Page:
to others: it must be given along with our own hearts and souls. It must be
given with passion, with love, with life itself. How else could we attempt to
preach the gospel of the God who "spared not his own Son, but delivered him up
for us all" (Rom 8:32)? How else preach the gospel of Christ, "who gave himself
for our sins" (Gal 1:4), who "poured out his soul unto death" (Isa 53:12)? In
like manner Paul writes of himself: "If I be offered ('poured forth' -- mg, 'as
a drink offering') upon the sacrifice and service of your faith, I joy, and
rejoice with you all" (Phi 2:17). And also: "I will very gladly spend and be
spent for you" (2Co 12:15).
Vv 9-12: His example.
OUR TOIL AND HARDSHIP: The two words also occur
together in 2Co 11:27 and 2Th 3:8. The first ("kopos") (also in 1Th 1:3) is
derived from the verb meaning "to strike", putting emphasis on the ideas of
trouble and weariness. The second ("mochthos") conveys the idea of difficulty
("hardship": NIV) and even pain. The combination of the two words stresses that
Paul's work was not a mere token performance, done for its impression upon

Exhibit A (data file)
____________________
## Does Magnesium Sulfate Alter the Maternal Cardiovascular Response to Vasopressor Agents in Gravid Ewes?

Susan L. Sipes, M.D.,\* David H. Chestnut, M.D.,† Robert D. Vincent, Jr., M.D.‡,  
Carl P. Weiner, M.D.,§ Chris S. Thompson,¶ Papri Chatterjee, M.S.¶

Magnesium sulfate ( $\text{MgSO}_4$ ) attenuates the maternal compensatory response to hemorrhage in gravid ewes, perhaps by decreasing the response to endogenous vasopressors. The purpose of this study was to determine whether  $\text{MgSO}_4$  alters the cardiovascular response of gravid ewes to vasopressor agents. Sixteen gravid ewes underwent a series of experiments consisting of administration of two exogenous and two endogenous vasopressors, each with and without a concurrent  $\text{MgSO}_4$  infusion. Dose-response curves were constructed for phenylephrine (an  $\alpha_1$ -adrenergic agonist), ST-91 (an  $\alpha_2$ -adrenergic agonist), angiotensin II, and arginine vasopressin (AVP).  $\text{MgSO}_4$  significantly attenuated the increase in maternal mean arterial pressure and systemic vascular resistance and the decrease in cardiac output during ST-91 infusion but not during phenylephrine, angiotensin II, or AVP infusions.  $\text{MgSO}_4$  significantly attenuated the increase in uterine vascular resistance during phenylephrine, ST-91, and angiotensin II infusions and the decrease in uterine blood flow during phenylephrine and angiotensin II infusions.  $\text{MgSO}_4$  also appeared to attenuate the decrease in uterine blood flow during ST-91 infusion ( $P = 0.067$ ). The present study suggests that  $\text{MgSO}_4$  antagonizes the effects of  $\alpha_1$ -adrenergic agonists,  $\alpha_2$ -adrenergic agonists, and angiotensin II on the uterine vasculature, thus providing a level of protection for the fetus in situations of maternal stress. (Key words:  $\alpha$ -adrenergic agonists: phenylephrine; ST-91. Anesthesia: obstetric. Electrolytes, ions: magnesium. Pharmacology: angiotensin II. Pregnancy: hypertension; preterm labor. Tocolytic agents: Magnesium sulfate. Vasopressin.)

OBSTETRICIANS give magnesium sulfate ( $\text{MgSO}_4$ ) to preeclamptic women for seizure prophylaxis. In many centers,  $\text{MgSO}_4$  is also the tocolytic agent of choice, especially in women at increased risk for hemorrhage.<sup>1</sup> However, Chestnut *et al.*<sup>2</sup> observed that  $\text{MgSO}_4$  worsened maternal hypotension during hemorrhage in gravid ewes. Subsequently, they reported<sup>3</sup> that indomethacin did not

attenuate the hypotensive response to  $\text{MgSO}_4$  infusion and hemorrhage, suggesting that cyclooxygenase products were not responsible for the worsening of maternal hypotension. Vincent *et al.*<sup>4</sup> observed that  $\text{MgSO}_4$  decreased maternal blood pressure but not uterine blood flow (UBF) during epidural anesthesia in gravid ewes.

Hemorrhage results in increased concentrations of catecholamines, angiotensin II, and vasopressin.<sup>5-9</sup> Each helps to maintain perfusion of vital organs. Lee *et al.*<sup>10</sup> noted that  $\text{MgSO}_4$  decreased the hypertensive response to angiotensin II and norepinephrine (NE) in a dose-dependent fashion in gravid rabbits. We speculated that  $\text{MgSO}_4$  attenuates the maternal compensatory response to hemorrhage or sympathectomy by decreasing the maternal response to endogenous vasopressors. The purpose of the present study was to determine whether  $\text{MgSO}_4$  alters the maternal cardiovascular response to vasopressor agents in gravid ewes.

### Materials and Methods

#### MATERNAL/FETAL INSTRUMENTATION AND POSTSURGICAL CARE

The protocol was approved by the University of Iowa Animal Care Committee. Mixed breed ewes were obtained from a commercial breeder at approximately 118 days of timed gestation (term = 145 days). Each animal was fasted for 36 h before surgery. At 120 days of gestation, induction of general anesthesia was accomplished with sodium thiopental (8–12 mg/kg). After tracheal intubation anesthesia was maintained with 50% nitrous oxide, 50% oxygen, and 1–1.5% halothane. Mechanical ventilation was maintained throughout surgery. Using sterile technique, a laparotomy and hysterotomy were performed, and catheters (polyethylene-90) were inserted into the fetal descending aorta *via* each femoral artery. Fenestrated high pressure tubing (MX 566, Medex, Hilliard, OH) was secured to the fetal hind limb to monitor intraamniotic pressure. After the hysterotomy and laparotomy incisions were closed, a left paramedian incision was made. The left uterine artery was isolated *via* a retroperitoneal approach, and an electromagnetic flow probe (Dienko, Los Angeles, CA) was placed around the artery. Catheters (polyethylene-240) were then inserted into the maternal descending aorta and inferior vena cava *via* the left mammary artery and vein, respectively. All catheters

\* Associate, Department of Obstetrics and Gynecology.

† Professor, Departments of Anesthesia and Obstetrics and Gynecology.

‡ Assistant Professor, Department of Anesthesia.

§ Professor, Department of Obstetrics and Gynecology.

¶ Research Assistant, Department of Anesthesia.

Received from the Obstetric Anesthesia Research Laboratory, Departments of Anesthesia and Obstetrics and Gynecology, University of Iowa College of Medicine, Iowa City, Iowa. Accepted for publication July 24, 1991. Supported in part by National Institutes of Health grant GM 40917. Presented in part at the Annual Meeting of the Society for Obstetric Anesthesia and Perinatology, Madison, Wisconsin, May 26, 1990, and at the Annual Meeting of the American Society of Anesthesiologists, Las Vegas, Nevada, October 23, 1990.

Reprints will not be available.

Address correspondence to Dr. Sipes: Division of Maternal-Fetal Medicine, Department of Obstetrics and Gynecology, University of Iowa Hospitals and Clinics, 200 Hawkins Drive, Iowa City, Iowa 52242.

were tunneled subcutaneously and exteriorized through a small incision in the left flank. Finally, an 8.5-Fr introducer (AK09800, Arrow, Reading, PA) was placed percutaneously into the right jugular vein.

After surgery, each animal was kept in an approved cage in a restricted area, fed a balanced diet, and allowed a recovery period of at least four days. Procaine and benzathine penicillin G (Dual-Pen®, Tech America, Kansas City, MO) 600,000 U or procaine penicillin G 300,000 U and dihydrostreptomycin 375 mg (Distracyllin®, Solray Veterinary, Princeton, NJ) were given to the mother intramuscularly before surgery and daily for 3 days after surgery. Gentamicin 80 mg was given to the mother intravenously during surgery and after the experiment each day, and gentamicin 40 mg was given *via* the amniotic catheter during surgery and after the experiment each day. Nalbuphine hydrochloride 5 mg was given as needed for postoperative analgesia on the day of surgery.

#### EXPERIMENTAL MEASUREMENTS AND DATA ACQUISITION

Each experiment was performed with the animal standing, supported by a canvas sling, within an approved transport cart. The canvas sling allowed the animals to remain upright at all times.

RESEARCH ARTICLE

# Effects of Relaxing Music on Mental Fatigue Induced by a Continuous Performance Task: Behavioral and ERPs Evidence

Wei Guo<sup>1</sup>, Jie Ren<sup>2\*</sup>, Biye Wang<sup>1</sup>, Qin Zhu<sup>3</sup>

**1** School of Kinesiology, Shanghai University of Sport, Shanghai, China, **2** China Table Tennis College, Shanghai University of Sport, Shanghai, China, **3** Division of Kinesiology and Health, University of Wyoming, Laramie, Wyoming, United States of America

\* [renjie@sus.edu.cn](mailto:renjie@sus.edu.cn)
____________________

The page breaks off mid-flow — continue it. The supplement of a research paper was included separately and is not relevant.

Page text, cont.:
others, but that it involved real effort.
It was the custom and teaching among the Jews that every boy
must learn a trade, even those who were destined for scholarly pursuits or those
from wealthy families. The rabbis taught that the father who did not teach his
son a trade taught him to be a thief. We know from Acts 18:3 that Paul's
occupation was that of "tent-maker" (the word may signify, more generally, a
YOU ARE WITNESSES: Cp vv 1,5,9,11. Paul was forced to
bother about the criticisms of others -- not for himself personally, but so that
his work might not be sabotaged.
HOW HOLY: The Greek "hosios" expressed an attitude of
reverence towards God which affects a person's conduct.
RIGHTEOUS: The Greek "dikaios" means to give men what